Mary Kitlowski: Running On Air

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Mary Kitlowski was an avid runner for years until 2001 when a debilitating lung infection made any type of physical activity feel impossible. She was diagnosed with a rare disease called Primary Ciliary Dyskinesia and had to use supplemental oxygen; though she tried, she did not run again until 2013. With her husband's encouragement, Mary began to build up her endurance little by little. In September 2014, she ran a 5k with a portable oxygen concentrator on her back. Soon thereafter she started the "Running On Air" campaign to educate others about lung diseases and inspire those who use oxygen to live full and vibrant lives.

Mary is calling upon the COPD community to help her share her story. The editors of Runner's World magazine are looking for a special runner to be on the cover of their December issue. If you think Mary deserves a spot on the cover, vote for her here. You must use a Facebook or Twitter account to participate and can vote once per day until July 22, 2015.

We caught up with Mary to learn more about the "Runner's World" competition.

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Tags: competition exercise inspiration magazine marathon oxygen Runner's World running supplemental vote
Categories: Personal Stories

COPD Crowdshaped: Don't Forget to Vote!

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COPD Crowdshaped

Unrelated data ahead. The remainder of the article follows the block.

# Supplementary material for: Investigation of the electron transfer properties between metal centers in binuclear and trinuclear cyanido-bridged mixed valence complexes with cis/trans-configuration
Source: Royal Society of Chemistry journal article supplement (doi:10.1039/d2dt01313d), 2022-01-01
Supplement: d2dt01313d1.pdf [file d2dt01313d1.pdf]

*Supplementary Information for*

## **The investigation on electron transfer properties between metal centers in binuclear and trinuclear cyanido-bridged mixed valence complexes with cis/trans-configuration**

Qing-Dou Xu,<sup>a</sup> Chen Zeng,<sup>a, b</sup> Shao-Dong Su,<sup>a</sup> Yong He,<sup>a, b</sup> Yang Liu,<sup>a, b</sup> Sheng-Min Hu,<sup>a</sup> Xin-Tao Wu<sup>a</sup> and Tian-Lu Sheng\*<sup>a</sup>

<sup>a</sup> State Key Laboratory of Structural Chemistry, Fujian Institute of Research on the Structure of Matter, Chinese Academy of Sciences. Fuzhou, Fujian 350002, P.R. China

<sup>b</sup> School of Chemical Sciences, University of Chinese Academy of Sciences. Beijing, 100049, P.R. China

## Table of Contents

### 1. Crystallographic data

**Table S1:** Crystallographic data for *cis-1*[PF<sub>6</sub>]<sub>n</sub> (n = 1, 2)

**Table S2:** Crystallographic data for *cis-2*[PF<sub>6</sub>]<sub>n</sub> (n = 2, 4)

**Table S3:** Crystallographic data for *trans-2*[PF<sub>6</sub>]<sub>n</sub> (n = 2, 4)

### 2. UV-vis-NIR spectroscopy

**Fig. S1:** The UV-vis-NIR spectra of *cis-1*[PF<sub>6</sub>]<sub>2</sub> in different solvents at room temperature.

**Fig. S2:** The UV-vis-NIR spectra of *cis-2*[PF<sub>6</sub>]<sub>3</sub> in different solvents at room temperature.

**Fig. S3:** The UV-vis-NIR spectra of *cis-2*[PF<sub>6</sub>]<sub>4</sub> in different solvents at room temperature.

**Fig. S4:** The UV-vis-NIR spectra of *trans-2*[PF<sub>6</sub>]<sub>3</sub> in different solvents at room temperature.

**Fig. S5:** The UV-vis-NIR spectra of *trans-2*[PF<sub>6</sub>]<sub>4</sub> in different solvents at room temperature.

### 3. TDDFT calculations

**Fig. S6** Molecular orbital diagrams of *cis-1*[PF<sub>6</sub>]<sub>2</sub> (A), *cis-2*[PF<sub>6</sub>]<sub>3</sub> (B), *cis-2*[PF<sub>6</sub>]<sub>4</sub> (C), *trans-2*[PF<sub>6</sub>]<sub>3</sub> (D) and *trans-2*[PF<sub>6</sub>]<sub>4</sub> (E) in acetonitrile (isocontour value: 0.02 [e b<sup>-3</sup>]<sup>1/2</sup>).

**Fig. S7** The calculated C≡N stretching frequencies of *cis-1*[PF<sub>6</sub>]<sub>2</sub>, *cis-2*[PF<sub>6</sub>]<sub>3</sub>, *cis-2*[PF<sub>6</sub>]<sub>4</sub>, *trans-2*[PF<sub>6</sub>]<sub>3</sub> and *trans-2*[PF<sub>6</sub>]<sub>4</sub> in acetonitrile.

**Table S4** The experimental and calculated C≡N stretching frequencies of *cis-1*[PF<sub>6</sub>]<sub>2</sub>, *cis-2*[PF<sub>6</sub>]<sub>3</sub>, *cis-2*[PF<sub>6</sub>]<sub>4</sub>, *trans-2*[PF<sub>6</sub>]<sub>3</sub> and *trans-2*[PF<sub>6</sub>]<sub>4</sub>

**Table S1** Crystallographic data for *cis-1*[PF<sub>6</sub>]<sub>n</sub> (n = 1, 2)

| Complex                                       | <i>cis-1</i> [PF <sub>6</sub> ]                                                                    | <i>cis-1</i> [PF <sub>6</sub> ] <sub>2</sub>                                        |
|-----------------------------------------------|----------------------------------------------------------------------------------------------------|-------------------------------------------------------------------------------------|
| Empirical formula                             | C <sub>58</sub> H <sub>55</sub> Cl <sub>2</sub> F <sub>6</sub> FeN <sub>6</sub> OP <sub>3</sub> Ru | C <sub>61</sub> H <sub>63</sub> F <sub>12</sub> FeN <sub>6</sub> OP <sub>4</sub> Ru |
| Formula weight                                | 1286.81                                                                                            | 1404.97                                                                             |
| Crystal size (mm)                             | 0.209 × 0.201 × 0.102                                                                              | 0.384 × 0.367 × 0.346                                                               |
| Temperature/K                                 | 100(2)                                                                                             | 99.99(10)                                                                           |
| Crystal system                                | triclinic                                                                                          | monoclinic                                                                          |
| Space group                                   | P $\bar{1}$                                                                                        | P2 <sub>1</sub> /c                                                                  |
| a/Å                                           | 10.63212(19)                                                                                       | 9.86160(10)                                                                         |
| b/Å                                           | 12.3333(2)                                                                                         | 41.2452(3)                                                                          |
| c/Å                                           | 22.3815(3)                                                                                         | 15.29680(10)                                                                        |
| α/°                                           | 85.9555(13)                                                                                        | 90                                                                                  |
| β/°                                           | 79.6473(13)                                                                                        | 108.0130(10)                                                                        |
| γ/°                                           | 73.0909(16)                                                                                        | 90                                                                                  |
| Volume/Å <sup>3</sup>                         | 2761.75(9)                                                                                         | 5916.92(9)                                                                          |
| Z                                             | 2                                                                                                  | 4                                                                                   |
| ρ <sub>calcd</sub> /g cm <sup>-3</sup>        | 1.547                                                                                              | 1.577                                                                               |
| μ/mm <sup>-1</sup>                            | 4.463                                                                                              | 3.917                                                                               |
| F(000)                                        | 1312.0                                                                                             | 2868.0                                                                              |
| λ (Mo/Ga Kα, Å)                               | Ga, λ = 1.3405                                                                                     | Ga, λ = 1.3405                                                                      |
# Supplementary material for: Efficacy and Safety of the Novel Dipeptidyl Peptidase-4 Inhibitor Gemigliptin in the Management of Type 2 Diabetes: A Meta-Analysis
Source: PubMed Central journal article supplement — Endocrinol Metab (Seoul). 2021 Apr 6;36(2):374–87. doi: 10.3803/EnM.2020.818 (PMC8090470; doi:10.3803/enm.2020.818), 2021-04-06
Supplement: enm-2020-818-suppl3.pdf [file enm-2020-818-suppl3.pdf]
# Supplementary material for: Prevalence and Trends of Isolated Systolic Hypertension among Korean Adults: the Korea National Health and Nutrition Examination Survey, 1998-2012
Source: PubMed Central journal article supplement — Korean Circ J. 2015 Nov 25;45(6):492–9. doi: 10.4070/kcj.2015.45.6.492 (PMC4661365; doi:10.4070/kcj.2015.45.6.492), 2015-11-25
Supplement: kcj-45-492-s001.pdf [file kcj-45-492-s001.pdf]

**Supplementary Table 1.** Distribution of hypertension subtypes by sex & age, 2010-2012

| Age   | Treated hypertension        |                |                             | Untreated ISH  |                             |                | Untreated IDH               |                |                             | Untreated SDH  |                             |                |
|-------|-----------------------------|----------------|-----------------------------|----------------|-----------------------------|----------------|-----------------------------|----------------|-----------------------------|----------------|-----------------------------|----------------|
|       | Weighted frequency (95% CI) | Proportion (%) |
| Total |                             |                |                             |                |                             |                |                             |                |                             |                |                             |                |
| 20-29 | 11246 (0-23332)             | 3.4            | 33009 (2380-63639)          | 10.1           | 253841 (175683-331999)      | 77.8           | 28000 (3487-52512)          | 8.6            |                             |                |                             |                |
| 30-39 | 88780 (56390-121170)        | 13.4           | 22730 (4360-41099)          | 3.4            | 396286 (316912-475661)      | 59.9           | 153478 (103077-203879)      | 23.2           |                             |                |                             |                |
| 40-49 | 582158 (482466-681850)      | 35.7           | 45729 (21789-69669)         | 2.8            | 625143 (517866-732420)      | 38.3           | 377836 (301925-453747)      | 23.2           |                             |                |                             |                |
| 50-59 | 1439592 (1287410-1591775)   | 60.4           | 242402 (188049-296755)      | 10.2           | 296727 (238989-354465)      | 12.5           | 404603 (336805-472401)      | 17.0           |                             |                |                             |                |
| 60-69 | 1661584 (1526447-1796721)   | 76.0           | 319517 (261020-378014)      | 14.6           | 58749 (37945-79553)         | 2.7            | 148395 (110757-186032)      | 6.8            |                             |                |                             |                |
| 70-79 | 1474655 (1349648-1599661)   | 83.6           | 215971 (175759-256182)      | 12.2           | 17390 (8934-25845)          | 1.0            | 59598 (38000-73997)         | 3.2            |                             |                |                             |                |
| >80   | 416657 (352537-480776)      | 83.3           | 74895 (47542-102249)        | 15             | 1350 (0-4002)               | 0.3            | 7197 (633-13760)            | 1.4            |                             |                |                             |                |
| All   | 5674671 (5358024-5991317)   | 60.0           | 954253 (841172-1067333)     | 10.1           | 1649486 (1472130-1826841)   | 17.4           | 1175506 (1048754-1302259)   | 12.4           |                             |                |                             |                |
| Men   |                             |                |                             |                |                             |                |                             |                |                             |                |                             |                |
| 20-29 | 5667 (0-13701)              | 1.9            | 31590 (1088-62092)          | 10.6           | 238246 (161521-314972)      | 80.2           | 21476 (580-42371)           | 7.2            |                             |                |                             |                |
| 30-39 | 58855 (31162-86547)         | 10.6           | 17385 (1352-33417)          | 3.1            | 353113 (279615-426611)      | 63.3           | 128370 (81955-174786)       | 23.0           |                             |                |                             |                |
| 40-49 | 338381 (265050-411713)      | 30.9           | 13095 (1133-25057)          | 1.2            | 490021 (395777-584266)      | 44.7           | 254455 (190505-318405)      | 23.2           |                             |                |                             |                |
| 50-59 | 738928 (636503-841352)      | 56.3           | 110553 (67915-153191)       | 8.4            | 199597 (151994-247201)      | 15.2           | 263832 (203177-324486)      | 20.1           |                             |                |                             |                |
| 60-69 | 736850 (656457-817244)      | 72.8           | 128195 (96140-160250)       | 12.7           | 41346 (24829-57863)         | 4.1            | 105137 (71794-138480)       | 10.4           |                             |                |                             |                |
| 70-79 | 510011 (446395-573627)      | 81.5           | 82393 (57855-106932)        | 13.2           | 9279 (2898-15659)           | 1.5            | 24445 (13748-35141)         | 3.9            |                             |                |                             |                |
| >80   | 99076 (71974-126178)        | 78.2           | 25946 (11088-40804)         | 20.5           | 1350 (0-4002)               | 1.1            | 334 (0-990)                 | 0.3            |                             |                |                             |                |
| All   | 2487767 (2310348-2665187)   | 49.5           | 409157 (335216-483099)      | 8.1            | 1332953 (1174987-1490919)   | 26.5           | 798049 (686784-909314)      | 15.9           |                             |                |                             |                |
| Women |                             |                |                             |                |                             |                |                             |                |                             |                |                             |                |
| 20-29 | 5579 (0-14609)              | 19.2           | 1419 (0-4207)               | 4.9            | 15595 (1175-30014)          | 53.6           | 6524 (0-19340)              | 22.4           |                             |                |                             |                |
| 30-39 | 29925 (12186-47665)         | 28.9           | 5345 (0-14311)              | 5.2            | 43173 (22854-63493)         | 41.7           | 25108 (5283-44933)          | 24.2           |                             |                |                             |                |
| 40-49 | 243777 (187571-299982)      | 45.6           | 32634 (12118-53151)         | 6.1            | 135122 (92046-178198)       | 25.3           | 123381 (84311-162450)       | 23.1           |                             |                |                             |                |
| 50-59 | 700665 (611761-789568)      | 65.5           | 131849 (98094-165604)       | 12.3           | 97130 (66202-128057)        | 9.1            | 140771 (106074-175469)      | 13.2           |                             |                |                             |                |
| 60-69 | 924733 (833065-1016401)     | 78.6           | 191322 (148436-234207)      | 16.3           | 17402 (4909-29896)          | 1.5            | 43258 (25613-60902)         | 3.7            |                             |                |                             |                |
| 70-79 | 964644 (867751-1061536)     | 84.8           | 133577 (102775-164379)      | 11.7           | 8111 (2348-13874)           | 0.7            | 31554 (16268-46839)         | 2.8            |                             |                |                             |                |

Wow! What a great first day we are having at COPD Crowdshaped in San Fran! The group is coming up with some fantastic ideas that they think could help to enhance the lives of all people affected by COPD. We would love to hear your thoughts and feedback. Be sure to vote for the best ideas on the COPD Crowdshaped event page tonight at 9 p.m. EST and tomorrow morning!

Each community member is provided 10 votes. You can distribute those votes throughout the ideas as you see fit. You can allocate a minimum of 0 votes and a maximum of 5 votes for any given idea.

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Tags: COPD Crowdshaped ideas innovation support
Categories: Events

Supplemental Oxygen: Taking the First Steps

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Dear COPD Coach,
I was diagnosed with COPD about 5 years ago. My doctor has just prescribed the use of supplemental oxygen. What do I need to do next?

-Looking to Breathe

Dear Looking,
The first thing you should do is discuss with your doctor what type of delivery system is best for you. This discussion should include addressing your needs not only at home, but also when you are out and about. Be sure to document your discussion. Your doctor will then provide a certificate of medical necessity indicating that you require supplemental oxygen and what equipment you will need. Make sure this certificate of medical necessity contains all of the items you discussed.

Your second step is to identify an oxygen supplier that is able to address the needs set forth in the certificate of medical necessity. Know that your oxygen supplier is not your doctor and cannot make decisions about the type of equipment you require- only you and your doctor may do this! Once you are provided equipment, you generally cannot change the type of equipment or type of delivery system for a term of five (5) years. Note: if your oxygen requirements change, your certificate of medical necessity should be updated. Your oxygen supplier is obligated to provide equipment that fits that need with a new certificate of medical necessity.

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Tags: first help oxygen steps supplemental tips
Categories: Coaches Corner